Maryland offers a very unique opportunity for those who are given criminal sentences they believe are unjust. If a person is sentenced to a sentence that they feel is unfair, and a few other factors are present, then that person can appeal their sentence to a three-judge panel for review of their sentence. Many attorneys caution against pursuing this because of the possibility that the three-judge panel will increase the sentence, which is completely within panel’s authority if the client pursues the three judge review. The 3-judge panel can decrease the sentence, increase the sentence, or leave the sentence the same. A defendant is not entitled to a hearing, but sometimes a hearing is granted.
It is possible that you or a loved one has already been sentenced and your attorney failed to discuss the possibility of a three-judge panel review, or a motion for modification of sentence in Maryland. (See our post on that here) If your attorney failed to properly advise you, it may be possible to pursue a post-conviction case. If you are successful, the judge may allow you a late attempt at filing for a 3-judge review or motion for modification of sentence.
This area of law is quite nuanced. For example, in Maryland there is something called a “binding plea.” If the prosecutor, judge, and defendant agree to this, then no one can wiggle out of it. This binding plea may be for a specific term of years, say 5. Or, it may be to a specific limited range of years, say 5-10 years. Finally, a binding plea can be a “cap”. (example: “no greater than 5 years”) Under a binding cap plea, the judge can sentence anywhere below the cap, just not above. This becomes relevant in the context of a 3-judge panel review because, although the 3-judge panel can increase your sentence, if a binding plea was entered into then that panel can only go to the top of that binding plea.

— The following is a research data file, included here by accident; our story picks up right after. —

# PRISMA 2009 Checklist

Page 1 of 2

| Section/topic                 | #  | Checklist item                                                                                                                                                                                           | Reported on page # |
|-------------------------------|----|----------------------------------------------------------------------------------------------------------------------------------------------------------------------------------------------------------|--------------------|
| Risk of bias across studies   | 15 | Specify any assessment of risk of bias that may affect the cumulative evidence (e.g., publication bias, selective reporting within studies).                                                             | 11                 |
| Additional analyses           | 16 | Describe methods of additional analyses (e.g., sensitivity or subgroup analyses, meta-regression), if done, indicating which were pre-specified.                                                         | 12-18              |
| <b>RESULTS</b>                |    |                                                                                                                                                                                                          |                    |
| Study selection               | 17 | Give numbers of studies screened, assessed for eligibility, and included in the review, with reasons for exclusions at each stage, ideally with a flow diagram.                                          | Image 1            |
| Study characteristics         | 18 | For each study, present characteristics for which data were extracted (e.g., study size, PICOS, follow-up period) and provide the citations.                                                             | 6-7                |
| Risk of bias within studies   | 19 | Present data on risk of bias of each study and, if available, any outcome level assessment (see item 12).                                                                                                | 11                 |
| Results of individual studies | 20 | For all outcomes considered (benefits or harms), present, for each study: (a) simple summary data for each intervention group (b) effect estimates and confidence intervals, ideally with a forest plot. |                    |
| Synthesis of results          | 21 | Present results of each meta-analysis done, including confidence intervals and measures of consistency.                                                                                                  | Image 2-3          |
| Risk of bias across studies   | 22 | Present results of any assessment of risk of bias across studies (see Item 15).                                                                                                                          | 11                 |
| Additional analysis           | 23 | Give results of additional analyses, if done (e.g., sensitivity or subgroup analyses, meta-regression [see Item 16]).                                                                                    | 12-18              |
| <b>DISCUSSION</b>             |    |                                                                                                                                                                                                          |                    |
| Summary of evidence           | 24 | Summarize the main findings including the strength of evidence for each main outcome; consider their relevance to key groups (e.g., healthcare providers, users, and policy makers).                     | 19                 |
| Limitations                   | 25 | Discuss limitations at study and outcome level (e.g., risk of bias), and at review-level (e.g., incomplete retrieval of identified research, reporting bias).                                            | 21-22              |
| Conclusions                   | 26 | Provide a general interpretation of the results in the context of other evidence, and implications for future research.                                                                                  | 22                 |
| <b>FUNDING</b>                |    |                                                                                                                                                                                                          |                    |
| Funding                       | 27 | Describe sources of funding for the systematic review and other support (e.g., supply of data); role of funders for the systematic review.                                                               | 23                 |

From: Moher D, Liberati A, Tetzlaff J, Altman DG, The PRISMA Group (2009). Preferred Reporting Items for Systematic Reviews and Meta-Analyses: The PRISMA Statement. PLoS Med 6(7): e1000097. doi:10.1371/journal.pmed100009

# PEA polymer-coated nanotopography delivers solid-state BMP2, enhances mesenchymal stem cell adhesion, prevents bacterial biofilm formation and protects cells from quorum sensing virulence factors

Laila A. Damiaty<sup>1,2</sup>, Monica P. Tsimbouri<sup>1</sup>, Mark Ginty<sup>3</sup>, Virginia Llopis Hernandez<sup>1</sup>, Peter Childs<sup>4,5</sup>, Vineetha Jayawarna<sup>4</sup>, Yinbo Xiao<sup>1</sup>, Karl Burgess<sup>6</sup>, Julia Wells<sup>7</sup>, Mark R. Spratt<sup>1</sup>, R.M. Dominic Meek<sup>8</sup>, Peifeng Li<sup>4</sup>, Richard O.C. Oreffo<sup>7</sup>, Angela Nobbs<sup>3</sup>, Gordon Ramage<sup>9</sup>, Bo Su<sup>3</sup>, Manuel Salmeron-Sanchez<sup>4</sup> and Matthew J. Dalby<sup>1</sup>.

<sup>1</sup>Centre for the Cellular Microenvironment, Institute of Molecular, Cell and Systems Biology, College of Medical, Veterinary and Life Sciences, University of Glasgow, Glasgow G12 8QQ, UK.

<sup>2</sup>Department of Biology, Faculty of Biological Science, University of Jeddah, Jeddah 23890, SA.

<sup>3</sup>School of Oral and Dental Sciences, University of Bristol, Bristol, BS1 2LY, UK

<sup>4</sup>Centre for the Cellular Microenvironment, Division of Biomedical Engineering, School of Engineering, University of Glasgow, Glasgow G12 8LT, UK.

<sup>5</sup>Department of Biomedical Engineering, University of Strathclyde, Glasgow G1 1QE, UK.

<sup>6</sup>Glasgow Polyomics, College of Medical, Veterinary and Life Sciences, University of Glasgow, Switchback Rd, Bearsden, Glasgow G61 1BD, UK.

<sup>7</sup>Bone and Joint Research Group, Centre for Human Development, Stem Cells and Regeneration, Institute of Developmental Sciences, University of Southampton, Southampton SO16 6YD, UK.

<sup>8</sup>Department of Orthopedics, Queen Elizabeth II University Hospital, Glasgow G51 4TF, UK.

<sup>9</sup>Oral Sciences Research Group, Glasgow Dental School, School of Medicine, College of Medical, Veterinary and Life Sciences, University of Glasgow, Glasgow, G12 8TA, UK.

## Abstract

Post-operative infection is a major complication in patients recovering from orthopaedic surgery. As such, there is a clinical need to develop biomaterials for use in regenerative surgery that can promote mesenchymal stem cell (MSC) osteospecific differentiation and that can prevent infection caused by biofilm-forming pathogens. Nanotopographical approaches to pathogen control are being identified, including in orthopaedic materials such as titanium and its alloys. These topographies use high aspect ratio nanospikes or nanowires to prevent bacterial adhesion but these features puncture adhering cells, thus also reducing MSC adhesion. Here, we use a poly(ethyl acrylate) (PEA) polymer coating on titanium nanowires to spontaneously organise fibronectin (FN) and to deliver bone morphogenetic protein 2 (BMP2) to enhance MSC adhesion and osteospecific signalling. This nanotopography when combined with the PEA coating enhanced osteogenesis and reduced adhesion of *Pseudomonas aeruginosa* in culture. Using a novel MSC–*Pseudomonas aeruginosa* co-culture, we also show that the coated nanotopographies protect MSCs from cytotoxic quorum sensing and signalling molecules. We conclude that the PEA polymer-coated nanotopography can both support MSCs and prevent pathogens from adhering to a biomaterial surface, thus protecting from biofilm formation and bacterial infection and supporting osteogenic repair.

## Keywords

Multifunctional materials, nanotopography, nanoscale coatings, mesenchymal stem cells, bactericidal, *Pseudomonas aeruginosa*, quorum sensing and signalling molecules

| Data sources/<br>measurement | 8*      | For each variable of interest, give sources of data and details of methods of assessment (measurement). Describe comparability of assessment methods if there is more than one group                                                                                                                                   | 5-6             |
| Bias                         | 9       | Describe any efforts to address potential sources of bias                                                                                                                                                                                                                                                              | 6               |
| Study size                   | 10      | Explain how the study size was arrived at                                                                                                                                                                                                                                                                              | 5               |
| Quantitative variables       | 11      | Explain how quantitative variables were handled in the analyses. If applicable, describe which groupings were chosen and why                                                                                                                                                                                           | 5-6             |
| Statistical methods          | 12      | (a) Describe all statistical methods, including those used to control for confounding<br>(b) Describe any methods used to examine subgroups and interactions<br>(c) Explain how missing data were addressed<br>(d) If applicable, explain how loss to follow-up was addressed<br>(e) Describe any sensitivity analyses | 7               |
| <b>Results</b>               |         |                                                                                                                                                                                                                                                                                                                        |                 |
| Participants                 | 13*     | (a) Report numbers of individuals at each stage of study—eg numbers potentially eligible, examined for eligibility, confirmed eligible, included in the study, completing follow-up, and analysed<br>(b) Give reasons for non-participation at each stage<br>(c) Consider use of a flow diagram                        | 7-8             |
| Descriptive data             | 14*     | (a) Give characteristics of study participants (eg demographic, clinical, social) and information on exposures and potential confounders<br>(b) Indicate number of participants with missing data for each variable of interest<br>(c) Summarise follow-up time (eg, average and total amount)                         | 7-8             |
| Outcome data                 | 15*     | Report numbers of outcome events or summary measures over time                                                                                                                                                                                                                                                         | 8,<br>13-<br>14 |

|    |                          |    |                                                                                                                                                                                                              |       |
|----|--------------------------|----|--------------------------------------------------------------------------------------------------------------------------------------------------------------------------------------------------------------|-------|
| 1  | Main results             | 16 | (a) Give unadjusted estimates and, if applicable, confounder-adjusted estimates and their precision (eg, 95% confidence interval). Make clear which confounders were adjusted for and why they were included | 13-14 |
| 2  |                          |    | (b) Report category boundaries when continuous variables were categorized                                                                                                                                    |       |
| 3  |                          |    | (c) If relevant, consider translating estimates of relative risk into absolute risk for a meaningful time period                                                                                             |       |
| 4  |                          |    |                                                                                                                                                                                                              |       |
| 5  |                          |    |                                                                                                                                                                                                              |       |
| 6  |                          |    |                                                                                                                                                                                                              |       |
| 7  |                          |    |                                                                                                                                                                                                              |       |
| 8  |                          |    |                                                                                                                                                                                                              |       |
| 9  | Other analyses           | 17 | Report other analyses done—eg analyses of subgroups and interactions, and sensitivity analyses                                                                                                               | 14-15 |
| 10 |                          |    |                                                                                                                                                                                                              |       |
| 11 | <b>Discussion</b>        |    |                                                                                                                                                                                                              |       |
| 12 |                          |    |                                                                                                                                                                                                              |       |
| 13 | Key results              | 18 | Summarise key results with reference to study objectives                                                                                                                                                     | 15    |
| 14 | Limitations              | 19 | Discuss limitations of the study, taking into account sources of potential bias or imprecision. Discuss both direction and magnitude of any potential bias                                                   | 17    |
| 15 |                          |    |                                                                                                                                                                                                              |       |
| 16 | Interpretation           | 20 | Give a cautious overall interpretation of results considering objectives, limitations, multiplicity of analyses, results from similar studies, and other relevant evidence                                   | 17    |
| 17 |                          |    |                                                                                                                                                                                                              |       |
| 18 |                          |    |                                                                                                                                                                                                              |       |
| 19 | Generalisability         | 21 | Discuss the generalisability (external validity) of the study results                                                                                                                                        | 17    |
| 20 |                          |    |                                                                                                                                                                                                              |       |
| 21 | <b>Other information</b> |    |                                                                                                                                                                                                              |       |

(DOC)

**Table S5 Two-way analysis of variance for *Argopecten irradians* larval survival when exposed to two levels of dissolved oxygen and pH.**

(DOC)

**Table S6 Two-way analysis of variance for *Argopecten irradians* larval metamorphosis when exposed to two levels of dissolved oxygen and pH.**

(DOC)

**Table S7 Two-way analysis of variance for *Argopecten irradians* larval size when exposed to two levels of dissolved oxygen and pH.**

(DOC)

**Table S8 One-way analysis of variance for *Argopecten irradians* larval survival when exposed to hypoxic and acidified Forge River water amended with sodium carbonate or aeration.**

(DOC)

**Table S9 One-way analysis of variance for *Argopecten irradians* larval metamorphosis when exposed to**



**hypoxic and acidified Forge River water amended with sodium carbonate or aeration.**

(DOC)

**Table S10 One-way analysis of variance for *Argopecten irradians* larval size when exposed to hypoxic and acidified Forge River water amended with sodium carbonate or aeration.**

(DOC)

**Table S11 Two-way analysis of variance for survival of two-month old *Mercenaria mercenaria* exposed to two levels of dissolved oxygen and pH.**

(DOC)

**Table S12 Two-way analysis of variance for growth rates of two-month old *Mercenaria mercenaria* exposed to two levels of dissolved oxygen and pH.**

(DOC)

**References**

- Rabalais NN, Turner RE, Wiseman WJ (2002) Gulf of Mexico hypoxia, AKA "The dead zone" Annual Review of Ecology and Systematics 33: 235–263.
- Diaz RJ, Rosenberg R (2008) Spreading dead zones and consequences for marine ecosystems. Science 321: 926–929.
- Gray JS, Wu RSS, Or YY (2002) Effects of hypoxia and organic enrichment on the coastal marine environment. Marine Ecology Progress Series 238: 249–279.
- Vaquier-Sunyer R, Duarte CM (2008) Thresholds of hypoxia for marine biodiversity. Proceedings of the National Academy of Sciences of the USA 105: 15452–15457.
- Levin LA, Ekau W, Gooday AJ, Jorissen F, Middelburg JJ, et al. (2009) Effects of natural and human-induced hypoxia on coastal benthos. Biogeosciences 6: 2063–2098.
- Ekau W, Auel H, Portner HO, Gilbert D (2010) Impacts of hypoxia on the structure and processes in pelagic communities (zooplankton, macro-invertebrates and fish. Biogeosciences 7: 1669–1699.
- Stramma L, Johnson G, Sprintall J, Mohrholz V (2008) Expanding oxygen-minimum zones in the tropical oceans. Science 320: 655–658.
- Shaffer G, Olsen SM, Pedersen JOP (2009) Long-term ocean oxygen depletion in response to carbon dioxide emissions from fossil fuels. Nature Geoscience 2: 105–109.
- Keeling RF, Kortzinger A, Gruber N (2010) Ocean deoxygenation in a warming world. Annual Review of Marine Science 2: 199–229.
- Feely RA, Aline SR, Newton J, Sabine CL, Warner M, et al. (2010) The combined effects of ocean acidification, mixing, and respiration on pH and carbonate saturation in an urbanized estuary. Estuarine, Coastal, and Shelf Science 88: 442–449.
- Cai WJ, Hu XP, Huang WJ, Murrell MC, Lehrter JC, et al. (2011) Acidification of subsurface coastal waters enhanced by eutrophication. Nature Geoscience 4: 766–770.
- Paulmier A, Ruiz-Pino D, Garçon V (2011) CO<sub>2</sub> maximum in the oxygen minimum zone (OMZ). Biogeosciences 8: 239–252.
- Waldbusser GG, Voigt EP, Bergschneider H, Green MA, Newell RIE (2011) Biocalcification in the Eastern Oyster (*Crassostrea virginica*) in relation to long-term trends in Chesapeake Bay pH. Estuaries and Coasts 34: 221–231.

Tevin Moultrie v. State, is a case that perfectly lays out these issues and gives an example of where an aggressive lawyer can get a second chance for their client. Moultrie had entered into a plea agreement with the state and he was sentenced to the maximum sentence of 30 years. Generally, as stated above, the 3-judge panel can increase the sentence. But a court cannot do it f it the sentence is already a maximum statutory sentence or there is a binding “cap.” In Mr. Moultrie’s case he had nothing to lose in filing a petition for 3-judge review. The Court of Special Appeals ordered that he be allowed to petition late for a 3-judge review because his attorney did not do his job in asking for that review.
Our firm handles 3-judge panel petitions, motions for modification of sentence, and post-conviction work in Maryland. For a free consult call 301.513.7832. Or, you can email Justin at justin.eisele at seddiqlaw.com.